Every Passover, in keeping with the theme of Divine intervention and redemption, my family has a custom at our seder table for each person to tell of instances where his or her own life was saved from danger.

One year, among our guests was a mother and her teenage daughter. The mother told a fascinating, dramatic story that had taken place during her youth. As impressed as we all were by the story, her daughter was even more impressed - because this was the first time she had heard this bit of family history! Noting the daughter's reaction, many of us at the table began to marvel about all the great stories that frequently go unshared between parents and their children.

The subject of sharing experiences with one's children is a prominent theme in this week's Torah portion, Ha'azinu. Much of the parsha is written as a "song" that describes the future recalcitrance toward God. Prophesizing that the Jewish people will forget God and His commandments, Moses describes the various afflictions that may come about. In the future, the Jewish people will push God's protective shelter away from them - and then wonder where God has gone! Finally in the midst of their suffering, the people will return to their connection with God.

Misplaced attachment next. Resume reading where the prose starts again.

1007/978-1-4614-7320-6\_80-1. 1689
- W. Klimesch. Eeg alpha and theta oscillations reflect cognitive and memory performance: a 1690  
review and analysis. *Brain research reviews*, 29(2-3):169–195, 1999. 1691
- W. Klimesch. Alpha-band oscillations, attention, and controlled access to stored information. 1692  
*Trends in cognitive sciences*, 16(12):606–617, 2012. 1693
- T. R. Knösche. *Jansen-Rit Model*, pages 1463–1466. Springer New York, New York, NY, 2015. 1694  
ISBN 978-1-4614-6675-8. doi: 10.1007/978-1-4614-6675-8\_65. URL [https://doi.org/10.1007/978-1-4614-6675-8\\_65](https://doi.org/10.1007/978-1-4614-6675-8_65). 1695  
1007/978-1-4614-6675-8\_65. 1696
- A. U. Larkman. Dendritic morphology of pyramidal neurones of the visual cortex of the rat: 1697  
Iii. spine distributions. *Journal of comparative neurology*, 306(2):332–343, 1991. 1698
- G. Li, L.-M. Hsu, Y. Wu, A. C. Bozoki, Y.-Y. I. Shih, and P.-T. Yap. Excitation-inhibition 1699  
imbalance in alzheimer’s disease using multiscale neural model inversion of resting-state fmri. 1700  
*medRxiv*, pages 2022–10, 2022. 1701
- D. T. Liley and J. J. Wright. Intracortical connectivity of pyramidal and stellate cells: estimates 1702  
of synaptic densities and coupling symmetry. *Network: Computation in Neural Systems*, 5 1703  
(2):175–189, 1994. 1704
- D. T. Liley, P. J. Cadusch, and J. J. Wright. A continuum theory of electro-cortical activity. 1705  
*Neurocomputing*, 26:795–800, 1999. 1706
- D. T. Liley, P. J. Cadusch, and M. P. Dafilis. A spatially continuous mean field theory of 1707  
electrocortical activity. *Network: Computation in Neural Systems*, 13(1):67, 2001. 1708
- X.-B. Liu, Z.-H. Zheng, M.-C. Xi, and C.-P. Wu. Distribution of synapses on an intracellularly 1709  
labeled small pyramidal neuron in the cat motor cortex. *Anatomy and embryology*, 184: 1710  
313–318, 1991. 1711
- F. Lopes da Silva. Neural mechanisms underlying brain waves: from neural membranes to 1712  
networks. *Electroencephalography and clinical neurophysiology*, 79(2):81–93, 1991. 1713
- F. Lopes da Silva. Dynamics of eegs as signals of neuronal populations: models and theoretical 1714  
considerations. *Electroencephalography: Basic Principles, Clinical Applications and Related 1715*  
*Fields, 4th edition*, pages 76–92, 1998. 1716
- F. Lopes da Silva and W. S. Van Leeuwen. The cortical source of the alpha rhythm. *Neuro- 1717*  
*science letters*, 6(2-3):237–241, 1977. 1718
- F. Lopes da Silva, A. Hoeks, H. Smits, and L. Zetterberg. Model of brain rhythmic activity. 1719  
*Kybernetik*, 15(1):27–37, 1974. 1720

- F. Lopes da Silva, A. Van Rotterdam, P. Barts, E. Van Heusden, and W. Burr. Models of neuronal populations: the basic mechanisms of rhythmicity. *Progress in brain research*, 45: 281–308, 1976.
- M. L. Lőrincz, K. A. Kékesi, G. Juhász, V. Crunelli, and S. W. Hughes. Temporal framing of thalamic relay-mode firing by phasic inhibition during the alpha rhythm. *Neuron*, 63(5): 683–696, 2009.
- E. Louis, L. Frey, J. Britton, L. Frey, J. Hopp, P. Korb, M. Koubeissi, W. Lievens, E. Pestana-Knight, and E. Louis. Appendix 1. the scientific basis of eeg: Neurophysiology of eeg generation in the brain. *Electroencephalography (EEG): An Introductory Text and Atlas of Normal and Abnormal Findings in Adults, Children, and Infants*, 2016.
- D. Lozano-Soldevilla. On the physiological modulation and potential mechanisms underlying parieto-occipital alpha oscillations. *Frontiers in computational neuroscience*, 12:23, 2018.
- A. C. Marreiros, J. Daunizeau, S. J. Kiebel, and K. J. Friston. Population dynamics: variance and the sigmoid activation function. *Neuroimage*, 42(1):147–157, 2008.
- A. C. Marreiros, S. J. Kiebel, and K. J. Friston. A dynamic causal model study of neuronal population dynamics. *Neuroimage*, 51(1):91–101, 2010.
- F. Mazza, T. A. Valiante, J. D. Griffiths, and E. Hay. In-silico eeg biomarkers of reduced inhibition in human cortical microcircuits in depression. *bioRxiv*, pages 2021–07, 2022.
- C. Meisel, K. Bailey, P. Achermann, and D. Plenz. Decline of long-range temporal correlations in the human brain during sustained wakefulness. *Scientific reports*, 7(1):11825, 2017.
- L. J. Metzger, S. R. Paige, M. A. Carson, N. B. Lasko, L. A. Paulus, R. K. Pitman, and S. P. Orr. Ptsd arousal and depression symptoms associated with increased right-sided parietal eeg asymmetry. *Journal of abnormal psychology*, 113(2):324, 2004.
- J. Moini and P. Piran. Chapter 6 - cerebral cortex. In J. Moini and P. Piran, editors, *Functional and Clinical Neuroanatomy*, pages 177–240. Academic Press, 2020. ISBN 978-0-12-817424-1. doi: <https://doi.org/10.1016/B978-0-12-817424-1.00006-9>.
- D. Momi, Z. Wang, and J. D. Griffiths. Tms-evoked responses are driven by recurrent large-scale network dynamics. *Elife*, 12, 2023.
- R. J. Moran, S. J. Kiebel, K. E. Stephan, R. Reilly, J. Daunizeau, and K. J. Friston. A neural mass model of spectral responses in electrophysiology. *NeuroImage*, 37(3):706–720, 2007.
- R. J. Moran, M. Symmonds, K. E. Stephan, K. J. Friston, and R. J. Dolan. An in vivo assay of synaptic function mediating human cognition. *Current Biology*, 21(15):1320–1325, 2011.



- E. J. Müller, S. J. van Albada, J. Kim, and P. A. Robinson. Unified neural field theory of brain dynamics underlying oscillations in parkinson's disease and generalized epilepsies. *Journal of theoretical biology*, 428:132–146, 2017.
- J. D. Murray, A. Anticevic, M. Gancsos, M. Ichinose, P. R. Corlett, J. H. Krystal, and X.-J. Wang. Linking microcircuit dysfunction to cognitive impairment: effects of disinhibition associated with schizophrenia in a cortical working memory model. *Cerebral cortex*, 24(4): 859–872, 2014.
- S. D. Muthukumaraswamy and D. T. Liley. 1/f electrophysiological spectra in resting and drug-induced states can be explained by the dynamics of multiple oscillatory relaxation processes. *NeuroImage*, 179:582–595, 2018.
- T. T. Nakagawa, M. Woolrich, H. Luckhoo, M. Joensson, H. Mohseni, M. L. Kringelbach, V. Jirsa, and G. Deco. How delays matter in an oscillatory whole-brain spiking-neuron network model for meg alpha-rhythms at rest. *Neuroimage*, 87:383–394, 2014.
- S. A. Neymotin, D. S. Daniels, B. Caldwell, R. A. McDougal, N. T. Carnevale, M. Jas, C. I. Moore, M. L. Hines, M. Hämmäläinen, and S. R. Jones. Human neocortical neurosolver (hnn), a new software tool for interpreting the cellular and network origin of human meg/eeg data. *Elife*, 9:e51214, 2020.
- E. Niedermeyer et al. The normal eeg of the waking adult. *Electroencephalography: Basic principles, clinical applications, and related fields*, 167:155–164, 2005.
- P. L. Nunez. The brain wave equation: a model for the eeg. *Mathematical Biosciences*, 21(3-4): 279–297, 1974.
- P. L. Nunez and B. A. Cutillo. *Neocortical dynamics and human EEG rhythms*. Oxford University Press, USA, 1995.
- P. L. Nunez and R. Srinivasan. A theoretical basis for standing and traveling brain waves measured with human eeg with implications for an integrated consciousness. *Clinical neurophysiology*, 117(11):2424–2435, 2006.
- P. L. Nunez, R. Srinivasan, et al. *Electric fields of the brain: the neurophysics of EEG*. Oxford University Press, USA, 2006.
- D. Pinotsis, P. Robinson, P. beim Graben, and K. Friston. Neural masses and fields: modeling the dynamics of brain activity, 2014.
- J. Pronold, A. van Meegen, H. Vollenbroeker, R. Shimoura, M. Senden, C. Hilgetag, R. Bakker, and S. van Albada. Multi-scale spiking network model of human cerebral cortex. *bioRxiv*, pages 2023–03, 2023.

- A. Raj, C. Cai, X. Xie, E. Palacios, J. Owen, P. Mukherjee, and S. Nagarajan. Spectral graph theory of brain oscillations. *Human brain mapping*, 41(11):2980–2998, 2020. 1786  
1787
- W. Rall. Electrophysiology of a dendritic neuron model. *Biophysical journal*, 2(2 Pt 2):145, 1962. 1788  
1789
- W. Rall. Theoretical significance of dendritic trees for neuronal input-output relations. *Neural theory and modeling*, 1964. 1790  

The purpose of these verses, though, is not simply to prophesize about the future. Rather it is to serve "as a witness" to prevent the Jewish people from future misdeeds. Paradoxically, it is meant to prevent the very events that it is predicting will happen! The hope is that if we take to heart the warnings in the Torah, the dreaded consequences it predicts will not occur. It is primary to Jewish belief that prophecies of punishment can be nullified if people change their ways.

To help facilitate its transmission, this section - in addition to being read annually as one of the weekly Torah portions - was sung each week in the Temple by the Levites.

But the efficacy of this message obviously depends upon it being passed down accurately through the generations. In the view of certain commentators, it is a special mitzvah for parents to share experiences with their children. This is how we strengthen our connection to them and give them the best opportunities to learn about life. The Torah itself says: "Ask your father and he will relate it to you and your elders and they will tell you" (Deut. 32:7). Ultimately it is through the experiences of one's parents that one can come to better know oneself ... and the ways of God.